Gold-Stater comment: The Invention of coinage was central to the creation of Democracy.
Ancient coins are generally divided into three categories: Greek, Roman, Byzantine. Of these three Greek, to my mind, is the most fascinating because the Greeks invented coinage, just as they invented Democracy - and civil law.
This isn't to say that civil contracts hadn't existed for thousands of years prior in Mesopotamia and the fertile Crescent. They had. But they were administered by Divinely appointed Judges, rather than civilian advocates - or rhetors - who persuaded committees of citizens by the eloquence of their arguments.
It is easy to forget that this Rhetoric was, in fact, the basis of Democracy. This Greek invention changed the fabric of the world in that, for the first time in history, Government was instituted wherein private citizens would persuade each other through the eloquence of argument rather than by Divine Right, or the force of arms.
Rhetoricians would persuade by Reason. The Greek word for "to reason" is Nomizo. The Greek word for "law" is Nomos. And the Greek word for "coin" is Nomos (hence "numismatics.")
It is only by considering this linguistic connection that we can truly appreciate the absolutely central role the invention of coinage played in the creation of Democracy.
Coinage, to be sure, was invented by Tyrants in Lydia (the black sea area of modern day Turkey). Allyates: father of Croesus, was responsible, in the late seventh century BCE, for minting the first series of ingots of precious metal stamped with seals that identified them as being of a certain weight and provenance.
But the invention transformed his country into a cauldron of private enterprise. Herodotus famously referred to Lydia as a "nation of shopkeepers." It should be understood that this term also comprised the idea of merchants and traders. Though the process is largely undocumented, we can infer that a tremendous amount of power and freedom was transferred from the Tyrant to the populace through coinage. That Croesus himself was described by Herodotus as a great patron of the arts, a lover of poetry, philosophy, sculpture and music lends credence to the idea that an empowered populace would not have been anathema to him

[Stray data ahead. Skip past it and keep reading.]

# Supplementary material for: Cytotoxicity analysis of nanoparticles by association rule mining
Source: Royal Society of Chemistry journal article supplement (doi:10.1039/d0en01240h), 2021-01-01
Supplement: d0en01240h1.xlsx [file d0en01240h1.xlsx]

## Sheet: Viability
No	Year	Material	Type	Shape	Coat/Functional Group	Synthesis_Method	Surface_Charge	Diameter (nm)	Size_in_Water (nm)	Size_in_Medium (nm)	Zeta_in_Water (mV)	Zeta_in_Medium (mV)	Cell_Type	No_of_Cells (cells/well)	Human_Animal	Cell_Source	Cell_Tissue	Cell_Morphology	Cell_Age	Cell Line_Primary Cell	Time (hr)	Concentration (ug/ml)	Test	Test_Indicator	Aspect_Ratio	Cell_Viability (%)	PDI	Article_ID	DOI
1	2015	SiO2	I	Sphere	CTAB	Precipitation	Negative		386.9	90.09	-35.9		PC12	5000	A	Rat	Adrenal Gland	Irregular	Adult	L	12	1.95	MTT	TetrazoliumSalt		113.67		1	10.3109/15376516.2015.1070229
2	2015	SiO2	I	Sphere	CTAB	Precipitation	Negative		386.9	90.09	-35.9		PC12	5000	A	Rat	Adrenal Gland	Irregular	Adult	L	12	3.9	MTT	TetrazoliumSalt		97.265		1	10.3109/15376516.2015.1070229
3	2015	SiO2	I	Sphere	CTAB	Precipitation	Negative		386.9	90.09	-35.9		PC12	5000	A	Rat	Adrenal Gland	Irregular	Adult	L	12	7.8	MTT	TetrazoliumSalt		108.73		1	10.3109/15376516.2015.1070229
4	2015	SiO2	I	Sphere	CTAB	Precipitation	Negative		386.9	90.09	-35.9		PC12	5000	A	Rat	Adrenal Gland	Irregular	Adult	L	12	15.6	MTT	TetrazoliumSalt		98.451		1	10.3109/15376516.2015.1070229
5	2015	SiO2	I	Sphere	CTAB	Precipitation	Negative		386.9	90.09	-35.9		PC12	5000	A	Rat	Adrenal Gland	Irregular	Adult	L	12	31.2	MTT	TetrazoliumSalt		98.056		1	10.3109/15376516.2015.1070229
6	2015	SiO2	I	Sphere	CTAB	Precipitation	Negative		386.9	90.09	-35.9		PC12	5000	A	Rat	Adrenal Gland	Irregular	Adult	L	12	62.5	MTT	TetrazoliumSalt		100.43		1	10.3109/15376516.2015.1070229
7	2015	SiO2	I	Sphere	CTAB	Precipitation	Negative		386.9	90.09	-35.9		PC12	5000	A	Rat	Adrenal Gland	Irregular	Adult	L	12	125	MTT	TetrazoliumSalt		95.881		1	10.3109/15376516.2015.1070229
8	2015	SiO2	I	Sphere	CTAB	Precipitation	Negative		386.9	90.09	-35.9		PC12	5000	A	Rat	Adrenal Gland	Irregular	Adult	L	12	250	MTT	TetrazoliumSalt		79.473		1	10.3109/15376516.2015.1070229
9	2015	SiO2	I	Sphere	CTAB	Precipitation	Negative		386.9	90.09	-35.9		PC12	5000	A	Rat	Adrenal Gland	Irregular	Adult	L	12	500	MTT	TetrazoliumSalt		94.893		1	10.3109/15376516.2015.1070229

The mainland Greeks too were ruled by Tyrants during the seventh century BCE. But by the mid sixth century, as coinage spread down through Greece, so did Democracy.
In fact, the famous Athenian law-giver: Solon, visited the court of Croesus of Lydia and warned him of the dangers of confusing wealth with happiness. When Croesus was later conquered by Darios of Persia, he cried: "Oh, but I should have listened to Solon." When Darios asked what he meant, Croesus explained Solon's rationale for happiness existing at the heart of the Greek concept of the Private Citizen living a productive life of virtue, temperance and freedom. Darios spared his life.
In Athens Solon was responsible for laws governing the rights and responsibilities of the private citizen, as well as reforms of weights and standards governing the issuance of coinage. According to Aristotle, he legislated for all citizens to be admitted into the ecclesia (council) and for a court to be formed from all the citizens. By giving common people the power not only to elect officials but also to call them to account, Solon appears to have established the foundations of a true democracy. And though there are no contemporary records regarding Athenian coinage of the period, it speaks volumes that historians like Herodotus and Aristotle assumed that democratic standards of coinage and law (both described by the same word: Nomos) were equally central to Solon's reforms.
The Greek invention of coinage lasted about 2600 years - from the seventh century BCE all the way until 1970 when Richard Nixon abolished the precious metal standard of coinage and replaced it with pure fiat money issued and controlled by central banks - thus returning Political power back into the hands of Tyrants.